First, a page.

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    Within each band, be it conduction or valence, the available states are continuous, i.e. no discrete levels such as in atoms.

    No. The ground state in the conduction band is when electrons occupied states up to the Fermi energy, with states above that being empty. The fact that there is an exclusion principle means that they all don't occupy the same state in the conduction band.


    It could be a function of a number of things. It could be a lattice imperfection, an external impurity, a dislocation, etc.

    Zz.
     
  6. Sep 2, 2011 #5
    Thank you

    One more please


    In the conduction or valence band, you mention the accessible levels as continuous (non discrete). Is this because we must treat the metal as a collection of atoms, rather than a single atom.

    back to the original question on conductivity,
    If i'm correct, you starting that the conduction is contributed to by phonon electron interaction and scattering of impurities or lattice defects.

    When you approach absolute zero, isn't lattice vibrations prohibited so phonon modes will not be available? wouldn't that only leave quantum mechanical tunneling as a source of electron transport?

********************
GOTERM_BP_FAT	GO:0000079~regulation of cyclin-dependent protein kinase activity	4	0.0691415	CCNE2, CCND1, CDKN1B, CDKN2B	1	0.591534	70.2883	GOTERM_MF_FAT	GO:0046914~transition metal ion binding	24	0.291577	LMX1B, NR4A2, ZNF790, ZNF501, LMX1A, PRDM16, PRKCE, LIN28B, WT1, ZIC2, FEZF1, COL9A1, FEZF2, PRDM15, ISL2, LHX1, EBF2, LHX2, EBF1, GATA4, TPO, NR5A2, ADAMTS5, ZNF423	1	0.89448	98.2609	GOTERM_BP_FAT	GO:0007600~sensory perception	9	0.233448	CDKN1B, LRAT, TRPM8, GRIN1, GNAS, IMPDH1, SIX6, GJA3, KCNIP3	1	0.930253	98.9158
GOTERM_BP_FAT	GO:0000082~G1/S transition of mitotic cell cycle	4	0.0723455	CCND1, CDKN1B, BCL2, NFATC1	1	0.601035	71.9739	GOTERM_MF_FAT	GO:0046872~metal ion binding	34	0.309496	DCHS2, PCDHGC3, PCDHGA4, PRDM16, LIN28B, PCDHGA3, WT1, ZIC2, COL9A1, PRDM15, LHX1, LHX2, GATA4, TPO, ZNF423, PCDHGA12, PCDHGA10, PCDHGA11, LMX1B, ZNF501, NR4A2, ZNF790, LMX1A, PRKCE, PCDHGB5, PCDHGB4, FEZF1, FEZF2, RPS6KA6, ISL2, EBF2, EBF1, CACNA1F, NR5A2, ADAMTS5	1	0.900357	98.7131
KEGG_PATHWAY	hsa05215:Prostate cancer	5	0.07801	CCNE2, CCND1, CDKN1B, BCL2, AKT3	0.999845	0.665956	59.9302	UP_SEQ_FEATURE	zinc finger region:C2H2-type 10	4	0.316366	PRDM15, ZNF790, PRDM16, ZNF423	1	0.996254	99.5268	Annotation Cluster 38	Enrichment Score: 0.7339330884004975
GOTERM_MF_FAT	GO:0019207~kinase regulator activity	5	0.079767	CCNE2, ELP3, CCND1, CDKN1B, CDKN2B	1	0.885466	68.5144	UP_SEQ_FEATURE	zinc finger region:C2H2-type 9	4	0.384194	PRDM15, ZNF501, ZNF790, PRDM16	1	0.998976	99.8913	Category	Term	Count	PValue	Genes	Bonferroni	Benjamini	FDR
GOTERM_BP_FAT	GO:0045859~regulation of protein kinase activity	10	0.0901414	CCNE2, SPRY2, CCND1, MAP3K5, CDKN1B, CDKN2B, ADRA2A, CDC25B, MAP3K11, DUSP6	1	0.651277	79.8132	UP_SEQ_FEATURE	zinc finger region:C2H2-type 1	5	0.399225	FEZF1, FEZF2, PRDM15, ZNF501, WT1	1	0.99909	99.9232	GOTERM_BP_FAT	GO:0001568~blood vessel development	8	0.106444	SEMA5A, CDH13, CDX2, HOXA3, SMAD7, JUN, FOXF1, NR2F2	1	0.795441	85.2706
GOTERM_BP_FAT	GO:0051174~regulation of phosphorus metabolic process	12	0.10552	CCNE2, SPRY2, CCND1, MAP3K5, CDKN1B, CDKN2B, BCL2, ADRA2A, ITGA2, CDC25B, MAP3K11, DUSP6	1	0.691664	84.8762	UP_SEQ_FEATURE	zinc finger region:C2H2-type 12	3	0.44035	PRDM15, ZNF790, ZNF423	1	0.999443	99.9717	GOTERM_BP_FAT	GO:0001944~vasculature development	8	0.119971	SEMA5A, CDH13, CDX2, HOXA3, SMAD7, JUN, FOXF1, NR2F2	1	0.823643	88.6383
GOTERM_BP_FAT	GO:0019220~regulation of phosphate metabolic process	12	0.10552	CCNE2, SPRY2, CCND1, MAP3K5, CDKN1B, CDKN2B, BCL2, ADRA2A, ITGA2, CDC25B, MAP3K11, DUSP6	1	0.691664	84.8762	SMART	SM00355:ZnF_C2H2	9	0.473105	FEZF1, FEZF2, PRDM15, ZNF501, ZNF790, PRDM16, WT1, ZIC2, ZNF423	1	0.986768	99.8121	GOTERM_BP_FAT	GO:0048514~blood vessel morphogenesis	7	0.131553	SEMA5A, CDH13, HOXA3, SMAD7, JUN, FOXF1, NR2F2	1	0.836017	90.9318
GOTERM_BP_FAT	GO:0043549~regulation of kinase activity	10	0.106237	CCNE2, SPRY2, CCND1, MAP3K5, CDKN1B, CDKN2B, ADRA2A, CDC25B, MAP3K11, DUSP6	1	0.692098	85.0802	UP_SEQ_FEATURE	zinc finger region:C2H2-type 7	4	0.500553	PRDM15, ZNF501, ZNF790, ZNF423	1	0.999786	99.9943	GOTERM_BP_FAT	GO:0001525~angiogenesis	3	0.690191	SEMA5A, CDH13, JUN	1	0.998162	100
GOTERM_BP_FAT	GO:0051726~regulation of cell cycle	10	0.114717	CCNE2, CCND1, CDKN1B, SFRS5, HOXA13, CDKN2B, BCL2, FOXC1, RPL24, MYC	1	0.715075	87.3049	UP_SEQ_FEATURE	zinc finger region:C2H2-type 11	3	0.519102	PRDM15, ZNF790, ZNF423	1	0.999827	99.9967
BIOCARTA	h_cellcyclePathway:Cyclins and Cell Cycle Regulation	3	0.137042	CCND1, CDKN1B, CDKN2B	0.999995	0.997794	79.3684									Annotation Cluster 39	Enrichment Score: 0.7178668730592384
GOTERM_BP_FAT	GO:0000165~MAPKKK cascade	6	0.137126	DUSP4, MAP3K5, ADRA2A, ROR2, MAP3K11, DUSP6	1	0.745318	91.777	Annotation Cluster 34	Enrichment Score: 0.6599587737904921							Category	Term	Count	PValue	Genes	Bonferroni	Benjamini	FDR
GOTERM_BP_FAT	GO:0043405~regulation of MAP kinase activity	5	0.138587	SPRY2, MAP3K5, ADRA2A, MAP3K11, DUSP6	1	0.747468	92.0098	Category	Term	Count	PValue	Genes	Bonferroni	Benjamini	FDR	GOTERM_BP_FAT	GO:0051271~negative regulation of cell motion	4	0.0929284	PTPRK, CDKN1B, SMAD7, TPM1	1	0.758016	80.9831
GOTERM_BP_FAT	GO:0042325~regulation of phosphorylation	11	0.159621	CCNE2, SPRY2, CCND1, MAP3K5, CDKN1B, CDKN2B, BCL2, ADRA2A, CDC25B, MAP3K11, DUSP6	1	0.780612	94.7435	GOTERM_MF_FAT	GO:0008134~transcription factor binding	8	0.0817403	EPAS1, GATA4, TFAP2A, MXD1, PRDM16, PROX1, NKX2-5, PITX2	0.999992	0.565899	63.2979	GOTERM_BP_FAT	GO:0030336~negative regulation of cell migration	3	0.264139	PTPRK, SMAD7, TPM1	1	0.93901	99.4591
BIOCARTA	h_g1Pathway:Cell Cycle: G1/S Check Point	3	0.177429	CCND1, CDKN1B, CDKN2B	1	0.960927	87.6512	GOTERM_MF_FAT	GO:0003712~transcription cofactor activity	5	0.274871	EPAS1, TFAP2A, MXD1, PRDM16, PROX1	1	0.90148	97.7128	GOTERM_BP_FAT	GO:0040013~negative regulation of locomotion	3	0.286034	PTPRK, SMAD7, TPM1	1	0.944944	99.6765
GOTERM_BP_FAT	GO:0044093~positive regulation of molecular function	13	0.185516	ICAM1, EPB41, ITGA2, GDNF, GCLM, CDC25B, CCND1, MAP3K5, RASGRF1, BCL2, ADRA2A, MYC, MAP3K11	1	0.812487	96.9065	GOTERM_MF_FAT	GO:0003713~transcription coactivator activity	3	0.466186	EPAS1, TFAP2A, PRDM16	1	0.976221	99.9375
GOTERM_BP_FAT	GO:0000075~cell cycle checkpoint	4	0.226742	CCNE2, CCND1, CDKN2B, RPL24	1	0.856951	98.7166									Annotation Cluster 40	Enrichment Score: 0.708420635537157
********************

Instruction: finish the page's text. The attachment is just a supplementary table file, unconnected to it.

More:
Am i totally wrong? Thank you so much
     
  7. Sep 2, 2011 #6

    ZapperZ

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    Correct. In solids, a lot of the individual behaviors of atoms that make up the material are not longer relevant. Many of the properties of solids are non-existent in individual atoms. Orbitals can hybridize to form other states when atoms are in close proximity to one another, for example.

    I was describing the general properties of conduction via the scattering rates. So yes, as you approach 0K, electron-phonon scattering will diminish, and thus, increase the conductivity. So this can, in principle, counteracts the fact that the temperature is lower and there will be less electrons populating higher empty states.

    Zz.
     
  8. Sep 2, 2011 #7
    Sorry again..


    I just pulled this from Wiki..